“A Debtor to Mercy Alone”
By Augustus Toplady (1740-1778)
Tune: Trewen by David Evans

“A Debtor to Mercy Alone” is a marvelous hymn of rich theological depth. It proclaims God’s great salvation, His mercy and grace, His sure covenant, His goodness, His power, His faithfulness. A major theme is the certainty of redemption. It describes the imputed righteousness of Christ by which the believing sinner is accepted before God. It describes salvation through Christ’s obedience and blood.

The tune is cheerful, fitting the subject, and easy to learn.

The words are beautiful, memorable. Consider the last two lines: “Yes, I to the end shall endure, as sure as the earnest is giv’n; more happy, but not more secure, the glorified spirits in heav’n.” The hymnodist knows that he is not yet as happy as the saints in heaven, but he is just as secure!

Robert Kauflin revised “A Debtor to Mercy Alone” for Sovereign Grace Music. He changed the last two lines to the weaker, “Yes I, to the end shall endure, until I bow down at your throne. Forever and always secure, a debtor to mercy, alone.”

1. A debtor to mercy alone, of covenant mercy I sing; nor fear, with your righteousness on, my person and off’ring to bring. The terrors of law and of God with me can have nothing to do; my Savior’s obedience and blood hide all my transgressions from view.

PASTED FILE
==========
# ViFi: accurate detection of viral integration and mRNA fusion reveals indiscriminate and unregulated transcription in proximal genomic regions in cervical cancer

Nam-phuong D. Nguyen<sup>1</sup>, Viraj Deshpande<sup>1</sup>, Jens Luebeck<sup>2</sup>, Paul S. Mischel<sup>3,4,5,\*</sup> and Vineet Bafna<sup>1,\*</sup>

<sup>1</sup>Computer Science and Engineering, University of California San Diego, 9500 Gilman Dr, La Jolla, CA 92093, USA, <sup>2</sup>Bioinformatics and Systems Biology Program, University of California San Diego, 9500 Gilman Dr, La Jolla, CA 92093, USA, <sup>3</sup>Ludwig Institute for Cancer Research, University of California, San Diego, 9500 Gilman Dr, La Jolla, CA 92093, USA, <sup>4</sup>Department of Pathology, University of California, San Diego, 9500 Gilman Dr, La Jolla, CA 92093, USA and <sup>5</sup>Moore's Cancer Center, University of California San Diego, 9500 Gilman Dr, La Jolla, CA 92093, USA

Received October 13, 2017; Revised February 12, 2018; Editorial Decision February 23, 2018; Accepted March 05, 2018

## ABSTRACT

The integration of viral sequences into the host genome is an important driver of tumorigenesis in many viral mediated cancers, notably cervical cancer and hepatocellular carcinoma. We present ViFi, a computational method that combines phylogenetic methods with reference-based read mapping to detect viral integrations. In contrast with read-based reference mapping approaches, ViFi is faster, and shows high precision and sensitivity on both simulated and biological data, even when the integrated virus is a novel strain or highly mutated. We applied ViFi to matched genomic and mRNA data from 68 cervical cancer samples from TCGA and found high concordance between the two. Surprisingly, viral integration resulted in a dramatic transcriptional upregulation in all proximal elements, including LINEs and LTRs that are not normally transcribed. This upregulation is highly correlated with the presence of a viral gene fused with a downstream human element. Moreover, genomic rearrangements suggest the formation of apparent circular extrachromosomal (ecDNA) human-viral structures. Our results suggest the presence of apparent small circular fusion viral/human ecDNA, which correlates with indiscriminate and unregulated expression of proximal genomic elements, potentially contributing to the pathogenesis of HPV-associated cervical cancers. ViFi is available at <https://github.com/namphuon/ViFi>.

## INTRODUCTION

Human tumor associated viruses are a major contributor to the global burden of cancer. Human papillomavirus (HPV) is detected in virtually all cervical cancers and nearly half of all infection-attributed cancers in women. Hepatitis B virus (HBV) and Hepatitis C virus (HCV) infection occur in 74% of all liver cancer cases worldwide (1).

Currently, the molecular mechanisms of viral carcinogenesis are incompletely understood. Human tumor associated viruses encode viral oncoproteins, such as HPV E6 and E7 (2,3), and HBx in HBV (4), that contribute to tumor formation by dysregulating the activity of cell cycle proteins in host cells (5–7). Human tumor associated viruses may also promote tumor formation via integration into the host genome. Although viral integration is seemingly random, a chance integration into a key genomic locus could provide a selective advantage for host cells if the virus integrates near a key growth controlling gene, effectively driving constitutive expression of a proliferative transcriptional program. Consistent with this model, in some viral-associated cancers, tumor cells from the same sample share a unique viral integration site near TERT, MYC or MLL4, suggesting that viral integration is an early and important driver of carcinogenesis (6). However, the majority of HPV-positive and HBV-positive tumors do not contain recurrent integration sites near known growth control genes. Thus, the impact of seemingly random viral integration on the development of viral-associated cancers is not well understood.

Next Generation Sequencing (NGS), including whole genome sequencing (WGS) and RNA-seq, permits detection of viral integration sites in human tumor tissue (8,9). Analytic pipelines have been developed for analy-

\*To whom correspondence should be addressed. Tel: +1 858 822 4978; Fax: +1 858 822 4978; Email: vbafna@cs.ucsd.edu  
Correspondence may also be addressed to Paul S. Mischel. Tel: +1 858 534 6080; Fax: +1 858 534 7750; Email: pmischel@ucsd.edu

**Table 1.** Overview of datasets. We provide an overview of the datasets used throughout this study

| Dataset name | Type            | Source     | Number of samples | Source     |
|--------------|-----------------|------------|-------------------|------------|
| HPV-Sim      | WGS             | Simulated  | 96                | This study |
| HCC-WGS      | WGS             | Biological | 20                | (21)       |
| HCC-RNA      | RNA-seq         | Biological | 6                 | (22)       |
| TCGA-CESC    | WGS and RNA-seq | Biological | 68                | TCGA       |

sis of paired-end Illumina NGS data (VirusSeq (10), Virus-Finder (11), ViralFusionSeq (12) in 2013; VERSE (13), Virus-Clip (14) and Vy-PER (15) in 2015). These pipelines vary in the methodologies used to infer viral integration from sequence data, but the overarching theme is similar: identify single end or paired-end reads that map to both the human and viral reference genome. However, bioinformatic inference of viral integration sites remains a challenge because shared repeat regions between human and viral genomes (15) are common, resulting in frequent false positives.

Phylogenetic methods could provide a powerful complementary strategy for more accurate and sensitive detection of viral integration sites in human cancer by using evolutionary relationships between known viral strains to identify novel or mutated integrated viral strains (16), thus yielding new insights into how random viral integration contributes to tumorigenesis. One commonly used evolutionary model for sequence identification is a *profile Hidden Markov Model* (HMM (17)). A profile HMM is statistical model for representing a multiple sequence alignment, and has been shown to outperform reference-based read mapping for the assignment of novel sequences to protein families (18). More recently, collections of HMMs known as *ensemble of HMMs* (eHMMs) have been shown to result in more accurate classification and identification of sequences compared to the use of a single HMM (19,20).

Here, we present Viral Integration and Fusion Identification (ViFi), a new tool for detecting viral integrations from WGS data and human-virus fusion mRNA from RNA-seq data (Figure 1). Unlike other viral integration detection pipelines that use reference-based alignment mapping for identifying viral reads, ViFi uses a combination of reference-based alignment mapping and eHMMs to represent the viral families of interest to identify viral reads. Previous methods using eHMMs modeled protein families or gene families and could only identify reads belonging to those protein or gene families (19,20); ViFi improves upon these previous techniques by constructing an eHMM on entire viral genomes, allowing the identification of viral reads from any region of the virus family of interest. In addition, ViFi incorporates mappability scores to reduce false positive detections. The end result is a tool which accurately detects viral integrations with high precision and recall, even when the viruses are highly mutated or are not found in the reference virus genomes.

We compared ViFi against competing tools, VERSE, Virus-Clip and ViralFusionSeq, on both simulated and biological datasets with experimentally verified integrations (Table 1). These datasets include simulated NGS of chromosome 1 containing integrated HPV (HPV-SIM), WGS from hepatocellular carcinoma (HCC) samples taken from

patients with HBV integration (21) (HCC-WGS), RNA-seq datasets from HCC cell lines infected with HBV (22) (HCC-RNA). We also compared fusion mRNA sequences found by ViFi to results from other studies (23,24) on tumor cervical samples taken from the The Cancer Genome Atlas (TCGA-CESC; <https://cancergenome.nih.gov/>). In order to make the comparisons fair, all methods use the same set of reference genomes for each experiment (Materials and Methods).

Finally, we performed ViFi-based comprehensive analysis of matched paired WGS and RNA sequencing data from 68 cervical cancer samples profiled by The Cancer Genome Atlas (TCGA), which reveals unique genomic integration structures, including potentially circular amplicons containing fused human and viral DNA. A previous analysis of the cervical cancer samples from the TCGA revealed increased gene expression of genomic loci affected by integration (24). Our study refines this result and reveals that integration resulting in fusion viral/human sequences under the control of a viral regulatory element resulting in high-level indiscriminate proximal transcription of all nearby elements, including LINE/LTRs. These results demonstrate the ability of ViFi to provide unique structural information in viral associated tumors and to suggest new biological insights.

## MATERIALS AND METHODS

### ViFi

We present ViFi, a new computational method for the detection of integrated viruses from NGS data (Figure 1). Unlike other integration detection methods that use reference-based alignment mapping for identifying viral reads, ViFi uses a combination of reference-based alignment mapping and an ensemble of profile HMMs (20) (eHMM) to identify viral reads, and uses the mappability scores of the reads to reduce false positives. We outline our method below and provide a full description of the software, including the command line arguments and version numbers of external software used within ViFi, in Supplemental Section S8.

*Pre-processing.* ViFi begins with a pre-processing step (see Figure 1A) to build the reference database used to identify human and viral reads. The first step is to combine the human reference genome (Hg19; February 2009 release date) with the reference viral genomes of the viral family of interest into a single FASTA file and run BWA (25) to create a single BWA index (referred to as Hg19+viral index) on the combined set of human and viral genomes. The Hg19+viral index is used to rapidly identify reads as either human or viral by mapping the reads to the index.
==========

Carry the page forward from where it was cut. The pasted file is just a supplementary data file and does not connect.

2. The works which his goodness began, the arm of his strength will complete; his promise is yea and amen, and never was forfeited yet. Things future, nor things that are now, nor all things below or above, can make him his purpose forgo, or sever my soul from his love.

3. My name from the palms of his hands eternity will not erase; impressed on his heart it remains, in marks of indelible grace. Yes, I to the end shall endure, as sure as the earnest is giv’n; more happy, but not more secure, the glorified spirits in heav’n.

Tune audio
Printable Score

“Rock of Ages”
By Augustus Toplady (1740-1778)
Tune: Redhead No. 76 (also called Ajalon)

Toplady’s edition has four stanzas. In 1815, Thomas Cotterill altered the hymn to three stanzas by combining lines from the middle two stanzas. Both editions are still in use.